Teresa Boykin

Boone | Blue Ridge EMC

 

Deadly beer

As an avid organic gardener, my mom was always looking for ways to rid her vegetable garden of pests without using chemicals. One year she was having a hard time with slugs. She learned that the best way to rid a garden of the slimy creatures was to place dishes of beer among the plants. The slugs would be attracted to the brew, crawl in and die.

Never being the type of person to be seen with any kind of alcohol, she was slightly worried about the prospect of being seen buying it. She figured she would slip into a local convenience store in our small town, purchase her beer and hurry out. Her plan was going smoothly until a friend and member of the church came into the store just as she was placing her single beer can purchase on the checkout counter.

My mom recounts with chagrin how she explained herself by stammering, "It's for my garden!"

The beer really did work, and her garden was slug-free.

Jennie Eggleston

Monroe | Union Power Cooperative

 

Keeping the pokeweed

Though we pull and poison such invasive weeds as poison ivy and greenbrier, the lowly pokeweed has found a place in our gardens. Its gently arching red stems and dark green foliage add interest to the borders of our yard. Pokeweed's white blossoms are attractive, just like the pendulous berry clusters that attract many birds. Robins and mockingbirds are especially attracted to the pokeweed berries.

We take precautions when handling the pokeweed since it contains toxins. The grandchildren know to leave it alone. The birds, however, are immune to the toxins.

Eve Deibel

Denver | EnergyUnited

 

Newspaper, but not chickens

As the time for gardening approaches I find myself wondering, is it all worth it? The garden seems to get bigger every year, and we (my husband, our 6-year-old daughter, our 2-year-old son and I) love the harvest. But the fight for the harvest is us against them—weeds, grass and the swarm of bugs that sets down on our farm every year. So a few years ago my husband and I used a method we had heard of before: newspaper.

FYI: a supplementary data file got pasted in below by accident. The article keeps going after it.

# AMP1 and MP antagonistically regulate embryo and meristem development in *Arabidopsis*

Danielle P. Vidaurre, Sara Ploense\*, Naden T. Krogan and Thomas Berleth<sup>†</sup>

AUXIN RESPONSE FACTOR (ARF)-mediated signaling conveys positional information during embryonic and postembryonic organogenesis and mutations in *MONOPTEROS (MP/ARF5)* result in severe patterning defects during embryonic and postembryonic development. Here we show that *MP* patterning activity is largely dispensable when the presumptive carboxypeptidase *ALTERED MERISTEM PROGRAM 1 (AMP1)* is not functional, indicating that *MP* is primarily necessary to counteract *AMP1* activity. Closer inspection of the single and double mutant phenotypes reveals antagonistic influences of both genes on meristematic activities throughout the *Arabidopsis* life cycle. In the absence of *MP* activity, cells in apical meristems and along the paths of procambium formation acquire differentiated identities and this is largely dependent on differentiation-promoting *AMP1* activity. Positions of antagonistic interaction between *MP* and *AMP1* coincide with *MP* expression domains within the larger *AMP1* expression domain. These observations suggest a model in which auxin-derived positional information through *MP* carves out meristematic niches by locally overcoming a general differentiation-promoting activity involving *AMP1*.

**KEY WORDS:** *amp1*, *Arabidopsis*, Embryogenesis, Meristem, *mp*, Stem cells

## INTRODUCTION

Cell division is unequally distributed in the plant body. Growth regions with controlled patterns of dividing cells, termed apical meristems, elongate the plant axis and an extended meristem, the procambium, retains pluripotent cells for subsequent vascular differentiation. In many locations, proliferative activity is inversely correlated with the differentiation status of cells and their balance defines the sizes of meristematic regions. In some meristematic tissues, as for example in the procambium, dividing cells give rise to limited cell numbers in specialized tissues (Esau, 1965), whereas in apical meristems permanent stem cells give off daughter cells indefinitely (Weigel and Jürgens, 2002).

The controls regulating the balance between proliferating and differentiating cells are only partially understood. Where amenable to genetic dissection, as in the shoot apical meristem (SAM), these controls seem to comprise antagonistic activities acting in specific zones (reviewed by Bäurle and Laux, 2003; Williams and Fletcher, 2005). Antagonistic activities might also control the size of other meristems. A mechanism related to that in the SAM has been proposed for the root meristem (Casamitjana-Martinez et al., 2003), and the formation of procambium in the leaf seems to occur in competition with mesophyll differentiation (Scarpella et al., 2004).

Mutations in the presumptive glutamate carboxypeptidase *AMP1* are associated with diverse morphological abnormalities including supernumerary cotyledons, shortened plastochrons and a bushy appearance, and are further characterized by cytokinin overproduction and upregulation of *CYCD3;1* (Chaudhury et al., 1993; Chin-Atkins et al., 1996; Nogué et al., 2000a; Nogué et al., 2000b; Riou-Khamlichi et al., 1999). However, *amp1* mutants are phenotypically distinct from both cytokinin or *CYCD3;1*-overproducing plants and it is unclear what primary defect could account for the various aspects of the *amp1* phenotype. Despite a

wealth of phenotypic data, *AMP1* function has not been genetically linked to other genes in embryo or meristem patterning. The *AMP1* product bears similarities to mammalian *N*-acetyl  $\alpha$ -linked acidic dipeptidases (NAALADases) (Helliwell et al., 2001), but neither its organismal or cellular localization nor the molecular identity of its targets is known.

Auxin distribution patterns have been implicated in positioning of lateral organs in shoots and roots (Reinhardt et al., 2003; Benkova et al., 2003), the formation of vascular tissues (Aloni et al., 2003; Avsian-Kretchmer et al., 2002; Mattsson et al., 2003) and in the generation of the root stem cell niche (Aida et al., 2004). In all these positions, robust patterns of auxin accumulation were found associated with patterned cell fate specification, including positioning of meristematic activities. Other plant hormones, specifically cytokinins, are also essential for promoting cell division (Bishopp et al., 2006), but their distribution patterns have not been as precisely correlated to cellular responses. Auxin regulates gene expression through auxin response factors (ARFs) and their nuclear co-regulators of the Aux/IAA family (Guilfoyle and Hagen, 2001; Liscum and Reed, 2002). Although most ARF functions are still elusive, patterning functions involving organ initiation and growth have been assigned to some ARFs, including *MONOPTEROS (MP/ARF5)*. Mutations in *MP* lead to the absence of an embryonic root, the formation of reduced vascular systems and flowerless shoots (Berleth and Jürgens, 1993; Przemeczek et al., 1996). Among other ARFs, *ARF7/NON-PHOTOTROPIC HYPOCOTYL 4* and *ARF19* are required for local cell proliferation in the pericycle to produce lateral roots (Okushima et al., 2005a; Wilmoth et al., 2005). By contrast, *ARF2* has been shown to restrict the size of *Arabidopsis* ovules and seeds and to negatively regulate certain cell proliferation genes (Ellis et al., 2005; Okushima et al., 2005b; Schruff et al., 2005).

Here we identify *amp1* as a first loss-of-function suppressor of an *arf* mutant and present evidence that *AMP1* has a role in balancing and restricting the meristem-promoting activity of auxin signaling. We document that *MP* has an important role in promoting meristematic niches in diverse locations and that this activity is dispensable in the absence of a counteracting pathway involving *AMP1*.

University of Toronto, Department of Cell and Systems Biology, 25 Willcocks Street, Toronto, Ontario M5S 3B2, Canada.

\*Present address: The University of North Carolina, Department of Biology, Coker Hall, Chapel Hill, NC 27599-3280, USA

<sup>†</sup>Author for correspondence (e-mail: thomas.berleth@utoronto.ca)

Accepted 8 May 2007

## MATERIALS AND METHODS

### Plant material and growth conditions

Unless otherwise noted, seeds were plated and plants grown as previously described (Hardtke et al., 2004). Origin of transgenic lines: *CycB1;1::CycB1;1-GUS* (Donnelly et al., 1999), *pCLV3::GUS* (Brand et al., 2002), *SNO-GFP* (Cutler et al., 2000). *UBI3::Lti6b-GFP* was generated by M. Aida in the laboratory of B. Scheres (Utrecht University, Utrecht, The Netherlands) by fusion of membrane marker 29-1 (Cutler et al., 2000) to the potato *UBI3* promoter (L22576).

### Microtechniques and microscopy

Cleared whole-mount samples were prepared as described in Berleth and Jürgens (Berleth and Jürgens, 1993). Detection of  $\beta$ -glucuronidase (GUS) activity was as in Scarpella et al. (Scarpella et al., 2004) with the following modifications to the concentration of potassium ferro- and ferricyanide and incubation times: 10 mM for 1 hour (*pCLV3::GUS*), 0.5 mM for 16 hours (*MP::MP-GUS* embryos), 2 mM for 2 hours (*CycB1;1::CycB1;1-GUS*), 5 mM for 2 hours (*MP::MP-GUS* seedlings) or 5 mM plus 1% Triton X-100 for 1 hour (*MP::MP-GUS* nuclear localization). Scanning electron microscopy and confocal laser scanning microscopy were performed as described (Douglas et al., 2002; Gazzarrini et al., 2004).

Yes, your old newspaper spread under and around your plants will keep grass and weeds from growing, as long as you put down maybe four or five layers and cover it with old hay or pine straw or some other mulch. Wow!

Now for the swarm of leaf eaters. We have tried sprays and dusts. They work for a while but you have to keep applying them over the summer. The chickens on our farm love bugs, so I tried to put them out in the garden to try the natural way. In turn they pecked all the tomatoes, ate some of them, scratched up the lettuce and ate beans right off the vine. So much for organic. Liquid Sevin has been our best insect killer yet.

Beth Tyner

Hollister | Halifax EMC

 

Roll up sleeves and pluck

Growing up on a farm in southeastern North Carolina certainly taught me to deal effectively with pests and weeds in the garden. My dad, Mr. Walter Lee Hill, was one of the finest farmers in the area. He took as much pride in the garden as he did the other crops. He had a surefire cure for pests and weeds in the garden, which I still use today.

We had to get in there and grub with our hands. Dad didn't believe much in using chemicals such as dusting unless absolutely necessary. At the first sight of any pest or the tiniest weed, we had to be right there to pluck them. They never took over our garden because Dad kept us in there almost daily purging them.